Case Study 2  Women’s Aid called the telephone advice line at the EMLC to ask for some advice for a woman who had presented at their offices. She had come to the UK on a two year spouse visa and had left her husband due to domestic violence before she was eligible to apply for indefinite leave to remain (settlement). Her husband had mistreated her. He would not let her leave the house, threatened to kill her and withheld the fact that he was HIV +. The client had left him and was heavily pregnant. She was vulnerable to removal from the UK despite the fact that she had sold off her business in her country of origin and that her estranged partner had managed to turn her family against her by stating she had behaved badly. She had no means of support for her and her child in the UK or her own country of birth. We assisted the client to gather proof of domestic violence, took a detailed statement and wrote to the Home Office explaining how she met the rules for settlement on the basis that her marriage had broken down due to domestic violence. The client was granted settlement and looks forward to her and her child’s future in the UK.


The Legal Traineeship Programme The Legal Traineeship Programme Ashleigh Pitcairn commenced her traineeship on 28th August 2006 after volunteering and working as a caseworker with the EMLC during her university study. Fiona Cheng started her traineeship on 10th September 2007, also after a period of volunteering at the Law Centre. They are the Law Centre’s fourth and fifth trainees. They have received broadly similar training. Both started in Immigration law. They have experience covering a broad range of topics including spouse/unmarried partner, student and visit visa applications and applications for European Economic Area nationals and their families. They have also covered more complicated areas including entry clearance for elderly dependant relatives and further leave to remain for applicants who have separated from their partAshleigh Pitcairn ners due to domestic violence whilst holding limited leave to remain. Both have Trainee Solicitor advocacy experience at the Asylum and Immigration Tribunal. Given that Ashleigh is further into her traineeship, she has been able to gain considerable AIT experience including both asylum and voluntary immigration matters.

Fiona Cheng Trainee Solicitor

Both Fiona and Ashleigh have worked on “Legacy” applications for those asylum-seekers with no leave to remain and whose cases were dealt with before the New Asylum Model was introduced in March 2007. They have helped to secure indefinite leave to remain for clients who have lived in the UK for many years without formal status or permission to work. They also worked with our solicitors Stewart Cunningham and Colin Campbell to provide legal advice to refugees in Motherwell who were brought to the UK under the UNHCR Gateway programme. They are now therefore travel document and family reunion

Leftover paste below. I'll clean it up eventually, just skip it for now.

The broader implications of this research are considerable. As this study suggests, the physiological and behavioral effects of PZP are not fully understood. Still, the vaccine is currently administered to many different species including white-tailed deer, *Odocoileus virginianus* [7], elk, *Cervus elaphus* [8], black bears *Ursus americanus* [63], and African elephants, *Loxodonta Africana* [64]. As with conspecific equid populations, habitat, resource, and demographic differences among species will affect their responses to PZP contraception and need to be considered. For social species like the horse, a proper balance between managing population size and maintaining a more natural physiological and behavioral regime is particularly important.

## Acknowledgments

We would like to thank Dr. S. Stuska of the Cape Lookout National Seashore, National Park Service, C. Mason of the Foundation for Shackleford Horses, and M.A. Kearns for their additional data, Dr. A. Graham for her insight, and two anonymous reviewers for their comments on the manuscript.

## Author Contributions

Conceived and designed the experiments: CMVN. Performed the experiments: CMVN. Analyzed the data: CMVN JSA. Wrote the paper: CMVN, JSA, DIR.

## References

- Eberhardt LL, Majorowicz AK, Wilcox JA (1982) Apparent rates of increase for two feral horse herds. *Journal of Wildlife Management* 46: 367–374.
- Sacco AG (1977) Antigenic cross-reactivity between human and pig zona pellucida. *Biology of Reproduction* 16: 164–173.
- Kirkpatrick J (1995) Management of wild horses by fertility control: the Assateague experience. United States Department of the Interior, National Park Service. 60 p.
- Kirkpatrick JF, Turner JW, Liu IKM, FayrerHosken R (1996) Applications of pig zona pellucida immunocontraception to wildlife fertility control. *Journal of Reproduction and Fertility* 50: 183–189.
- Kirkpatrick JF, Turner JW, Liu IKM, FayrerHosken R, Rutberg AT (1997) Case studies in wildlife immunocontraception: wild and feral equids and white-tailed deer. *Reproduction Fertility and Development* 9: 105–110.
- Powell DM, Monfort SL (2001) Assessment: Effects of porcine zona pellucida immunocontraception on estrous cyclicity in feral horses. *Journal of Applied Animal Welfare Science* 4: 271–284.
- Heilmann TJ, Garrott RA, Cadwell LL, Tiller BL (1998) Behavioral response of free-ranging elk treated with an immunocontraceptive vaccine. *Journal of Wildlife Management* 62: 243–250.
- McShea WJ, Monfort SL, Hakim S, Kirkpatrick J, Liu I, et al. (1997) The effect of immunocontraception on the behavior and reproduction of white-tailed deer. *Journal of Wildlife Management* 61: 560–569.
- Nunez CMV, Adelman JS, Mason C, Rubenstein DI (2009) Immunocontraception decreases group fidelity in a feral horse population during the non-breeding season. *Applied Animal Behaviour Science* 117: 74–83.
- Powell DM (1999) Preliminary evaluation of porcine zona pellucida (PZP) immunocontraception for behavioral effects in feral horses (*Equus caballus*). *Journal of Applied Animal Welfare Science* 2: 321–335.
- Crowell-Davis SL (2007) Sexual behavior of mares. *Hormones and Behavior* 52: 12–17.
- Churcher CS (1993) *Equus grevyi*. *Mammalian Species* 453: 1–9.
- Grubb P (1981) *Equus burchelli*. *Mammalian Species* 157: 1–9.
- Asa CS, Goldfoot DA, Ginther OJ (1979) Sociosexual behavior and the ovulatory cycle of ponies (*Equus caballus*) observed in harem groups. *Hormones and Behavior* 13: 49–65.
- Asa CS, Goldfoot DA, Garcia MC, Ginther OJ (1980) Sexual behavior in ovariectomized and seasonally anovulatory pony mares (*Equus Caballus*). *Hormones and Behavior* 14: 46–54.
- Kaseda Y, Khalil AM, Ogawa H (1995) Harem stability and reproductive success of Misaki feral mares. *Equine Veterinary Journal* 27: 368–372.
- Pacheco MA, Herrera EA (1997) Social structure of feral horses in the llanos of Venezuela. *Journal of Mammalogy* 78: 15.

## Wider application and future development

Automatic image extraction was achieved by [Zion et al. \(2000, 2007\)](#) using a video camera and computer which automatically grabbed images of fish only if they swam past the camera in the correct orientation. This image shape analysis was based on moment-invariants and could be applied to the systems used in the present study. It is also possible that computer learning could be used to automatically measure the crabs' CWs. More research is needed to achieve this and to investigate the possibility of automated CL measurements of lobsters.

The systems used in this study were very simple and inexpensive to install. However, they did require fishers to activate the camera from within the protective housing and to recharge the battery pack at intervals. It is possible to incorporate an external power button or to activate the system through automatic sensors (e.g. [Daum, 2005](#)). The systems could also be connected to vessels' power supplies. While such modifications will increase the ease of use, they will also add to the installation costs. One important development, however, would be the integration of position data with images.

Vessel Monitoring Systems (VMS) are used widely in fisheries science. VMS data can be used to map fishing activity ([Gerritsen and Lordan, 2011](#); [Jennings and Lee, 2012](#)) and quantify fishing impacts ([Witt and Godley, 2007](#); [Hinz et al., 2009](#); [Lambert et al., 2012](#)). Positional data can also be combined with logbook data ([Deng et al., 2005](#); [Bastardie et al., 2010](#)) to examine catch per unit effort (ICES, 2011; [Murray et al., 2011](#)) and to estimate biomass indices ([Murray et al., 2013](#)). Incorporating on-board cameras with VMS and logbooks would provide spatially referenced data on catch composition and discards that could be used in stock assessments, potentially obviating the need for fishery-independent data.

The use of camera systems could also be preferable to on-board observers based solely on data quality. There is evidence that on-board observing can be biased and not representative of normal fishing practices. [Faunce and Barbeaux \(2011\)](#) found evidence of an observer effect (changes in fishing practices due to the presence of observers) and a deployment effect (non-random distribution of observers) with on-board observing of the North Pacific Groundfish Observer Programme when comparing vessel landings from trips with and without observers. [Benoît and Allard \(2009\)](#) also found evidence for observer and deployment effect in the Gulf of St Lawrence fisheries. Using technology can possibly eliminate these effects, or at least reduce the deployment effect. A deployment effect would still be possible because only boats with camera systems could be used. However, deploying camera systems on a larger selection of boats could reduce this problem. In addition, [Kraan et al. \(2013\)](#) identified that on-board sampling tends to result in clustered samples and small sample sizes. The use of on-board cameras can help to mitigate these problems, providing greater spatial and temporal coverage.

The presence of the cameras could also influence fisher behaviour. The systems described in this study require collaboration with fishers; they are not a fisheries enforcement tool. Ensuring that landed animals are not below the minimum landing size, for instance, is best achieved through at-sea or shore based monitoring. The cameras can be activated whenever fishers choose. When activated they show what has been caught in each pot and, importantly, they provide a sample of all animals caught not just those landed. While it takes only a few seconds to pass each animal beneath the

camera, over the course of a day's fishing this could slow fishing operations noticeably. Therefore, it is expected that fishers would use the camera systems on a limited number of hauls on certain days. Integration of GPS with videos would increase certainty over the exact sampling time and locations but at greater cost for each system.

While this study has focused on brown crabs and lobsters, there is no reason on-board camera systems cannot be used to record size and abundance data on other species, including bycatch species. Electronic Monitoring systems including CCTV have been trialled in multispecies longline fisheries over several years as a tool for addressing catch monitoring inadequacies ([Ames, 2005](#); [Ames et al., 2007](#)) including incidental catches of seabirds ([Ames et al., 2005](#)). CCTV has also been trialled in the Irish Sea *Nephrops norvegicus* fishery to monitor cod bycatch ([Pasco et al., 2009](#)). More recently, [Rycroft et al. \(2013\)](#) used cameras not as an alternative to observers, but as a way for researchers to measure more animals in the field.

experts! Ashleigh’s training in Employment and Discrimination law is well underway and she has experience at the Employment Tribunal and negotiating settlement, and Fiona has attended a training course in discrimination and has enjoyed putting this to practical use. Ashleigh and Fiona enjoy empowering clients by providing a free professional service in areas of unmet legal need and the Law Centre is happy with the ongoing success of the Traineeship Programme which facilitates this. Ashleigh is due to qualify in August 2008, so by the time of publication of this report Ashleigh will be the fourth EMLC trainee to have qualified as a solicitor through this Programme.


Female Asylum Legal Project Kirsty Gemmell—Asylum Law Solicitor I have been employed with the Law Centre as a solicitor since May 2001, initially taking up a part-time position with the ‘Outreach Project’. My work on this project involved providing legal advice and assistance to ethnic minority clients from local authority areas outlining Glasgow on a variety of issues.

Kirsty Gemmell Solicitor

I thereafter took up the position of solicitor within the ‘Asylum Law Project’, which was set up in December 2001. As the name suggests, my work consisted mainly of advising and assisting clients in relation to asylum claims and appeals and any other issues related to the asylum process.

From April 2007, the Law Centre, in partnership with LSA, was successful in securing funding from the Glasgow Community Planning Partnership for the ‘Female Asylum Seekers and Refuges Legal Project’. This is still in existence and we hope to be in a position to secure continued funding. This project has enabled me to continue my work with my existing clients. The headline aim of the project is to assist vulnerable asylum seeker and refugee women to receive protection by providing appropriate, quality legal services in areas of unmet legal need within a comprehensive support framework. The services provided by the project, in addition to the provision of legal advice, assistance and representation, include the operation of outreach legal surgeries – which are conducted in areas of Glasgow closer to the homes of those requiring our service thereby making it more accessible to them; and links with support workers and agencies for referrals in all areas of support which may be required by each individual. Many women have found the referral service extremely helpful, as they are able to access alternative support services which help them to cope with their continuing everyday stressful situations. Almost 100 women have benefited from the services provided by this Project over the last year, between both EMLC and LSA, and we hope that we will be in a position to continue to provide the same level and quality of assistance in the future.